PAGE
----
The condition can be due to an underlying health condition, or have no apparent cause:


    • Primary idiopathic hyperhidrosis: "Idiopathic" means "of unknown cause." In the majority of cases, the hyperhidrosis is localized.
    • Secondary hyperhidrosis: The person sweats too much because of an underlying health condition, such as obesity, gout, menopause, a tumor, mercury poisoning, diabetes mellitus, or hyperthyroidism (overactive thyroid gland).
    According to the International Hyperhidrosis Association, approximately 2.8 percent of Americans are affected by hyperhidrosis; that's around 7.8 million people.

    For some, hyperhidrosis symptoms are so severe that it becomes embarrassing, causing discomfort and anxiety. The patient's career choices, free time activities, personal relationships, self-image, and emotional well-being may be affected.

    Fortunately, there are several options which can treat symptoms effectively. The biggest challenge in treating hyperhidrosis is the significant number of people who do not seek medical advice, either due to embarrassment or because they do not know that effective treatment exists.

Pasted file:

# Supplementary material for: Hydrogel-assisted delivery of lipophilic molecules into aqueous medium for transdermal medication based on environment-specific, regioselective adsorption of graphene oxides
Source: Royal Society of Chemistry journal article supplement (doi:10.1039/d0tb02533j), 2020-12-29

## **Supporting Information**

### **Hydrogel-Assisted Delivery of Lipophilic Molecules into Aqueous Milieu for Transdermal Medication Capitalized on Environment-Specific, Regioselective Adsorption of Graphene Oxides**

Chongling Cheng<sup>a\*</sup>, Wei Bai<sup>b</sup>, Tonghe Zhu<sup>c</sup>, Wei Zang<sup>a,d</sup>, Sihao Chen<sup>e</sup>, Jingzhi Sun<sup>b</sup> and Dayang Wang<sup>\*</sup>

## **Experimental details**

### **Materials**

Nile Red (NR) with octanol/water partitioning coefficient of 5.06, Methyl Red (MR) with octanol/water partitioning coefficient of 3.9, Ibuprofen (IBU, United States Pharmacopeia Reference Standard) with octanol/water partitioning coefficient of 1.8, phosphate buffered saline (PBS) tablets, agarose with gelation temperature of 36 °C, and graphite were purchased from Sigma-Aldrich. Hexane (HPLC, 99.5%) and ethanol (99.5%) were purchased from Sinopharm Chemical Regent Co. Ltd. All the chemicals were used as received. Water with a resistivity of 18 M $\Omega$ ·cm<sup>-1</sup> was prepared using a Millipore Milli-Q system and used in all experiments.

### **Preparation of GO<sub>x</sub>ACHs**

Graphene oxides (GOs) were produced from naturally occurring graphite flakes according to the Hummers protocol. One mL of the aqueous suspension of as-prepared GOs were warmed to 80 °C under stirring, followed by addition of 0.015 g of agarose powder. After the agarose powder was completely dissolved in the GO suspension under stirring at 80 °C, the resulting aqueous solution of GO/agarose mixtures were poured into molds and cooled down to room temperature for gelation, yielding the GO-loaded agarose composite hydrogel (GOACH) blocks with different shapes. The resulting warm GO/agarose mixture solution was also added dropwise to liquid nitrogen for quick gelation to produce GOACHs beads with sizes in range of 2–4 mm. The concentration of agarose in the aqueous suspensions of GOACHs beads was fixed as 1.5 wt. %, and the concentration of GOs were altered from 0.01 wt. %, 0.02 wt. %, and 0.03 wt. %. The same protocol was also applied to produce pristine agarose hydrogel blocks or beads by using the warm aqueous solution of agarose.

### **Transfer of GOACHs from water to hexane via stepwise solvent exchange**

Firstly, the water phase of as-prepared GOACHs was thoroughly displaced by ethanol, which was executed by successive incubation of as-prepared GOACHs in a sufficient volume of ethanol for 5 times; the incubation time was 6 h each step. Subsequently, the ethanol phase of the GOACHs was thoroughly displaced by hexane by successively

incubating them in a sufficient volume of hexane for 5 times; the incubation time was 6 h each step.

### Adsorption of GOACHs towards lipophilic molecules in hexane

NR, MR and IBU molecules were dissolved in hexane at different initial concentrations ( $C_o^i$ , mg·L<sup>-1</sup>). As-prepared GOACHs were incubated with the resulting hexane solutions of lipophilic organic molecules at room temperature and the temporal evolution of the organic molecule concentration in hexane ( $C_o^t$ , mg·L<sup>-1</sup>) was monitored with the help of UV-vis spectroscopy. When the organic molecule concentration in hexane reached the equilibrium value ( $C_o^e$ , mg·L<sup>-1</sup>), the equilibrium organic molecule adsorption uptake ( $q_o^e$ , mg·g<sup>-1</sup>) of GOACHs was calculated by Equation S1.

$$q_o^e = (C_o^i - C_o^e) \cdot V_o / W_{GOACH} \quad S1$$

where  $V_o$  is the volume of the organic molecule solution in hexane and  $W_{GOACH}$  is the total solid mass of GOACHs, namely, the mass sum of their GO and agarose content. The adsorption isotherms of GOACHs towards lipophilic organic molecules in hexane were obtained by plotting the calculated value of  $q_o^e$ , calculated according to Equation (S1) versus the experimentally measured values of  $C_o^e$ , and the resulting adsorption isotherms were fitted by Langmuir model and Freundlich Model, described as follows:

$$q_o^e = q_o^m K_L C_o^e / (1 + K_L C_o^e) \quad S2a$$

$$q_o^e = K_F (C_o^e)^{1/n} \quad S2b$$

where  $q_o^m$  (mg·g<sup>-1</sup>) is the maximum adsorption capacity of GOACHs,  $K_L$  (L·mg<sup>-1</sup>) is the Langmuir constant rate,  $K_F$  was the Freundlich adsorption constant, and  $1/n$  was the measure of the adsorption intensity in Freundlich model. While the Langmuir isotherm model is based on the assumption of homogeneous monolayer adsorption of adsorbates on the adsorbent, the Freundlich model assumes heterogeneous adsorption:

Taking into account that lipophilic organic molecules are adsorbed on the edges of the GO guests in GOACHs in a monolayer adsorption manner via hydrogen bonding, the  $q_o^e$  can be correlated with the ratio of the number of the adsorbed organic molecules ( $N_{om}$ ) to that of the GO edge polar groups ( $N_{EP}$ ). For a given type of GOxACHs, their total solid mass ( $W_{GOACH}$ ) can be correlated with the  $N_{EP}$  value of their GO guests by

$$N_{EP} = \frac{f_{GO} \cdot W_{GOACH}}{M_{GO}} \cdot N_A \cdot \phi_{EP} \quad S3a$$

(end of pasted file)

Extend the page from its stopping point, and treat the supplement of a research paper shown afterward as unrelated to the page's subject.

Symptoms of hyperhidrosis
    Hyperhidrosis is defined as sweating that disrupts normal activities. Episodes of excessive sweating occur at least once a week for no clear reason and have an effect on social life or daily activities.

    Signs and symptoms of hyperhidrosis may include:

    • Clammy or wet palms of the hands
    • Clammy or wet soles of the feet
    • Frequent sweating
    • Noticeable sweating that soaks through clothing
    People with hyperhidrosis might experience the following:

    • Irritating and painful skin problems, such as fungal or bacterial infections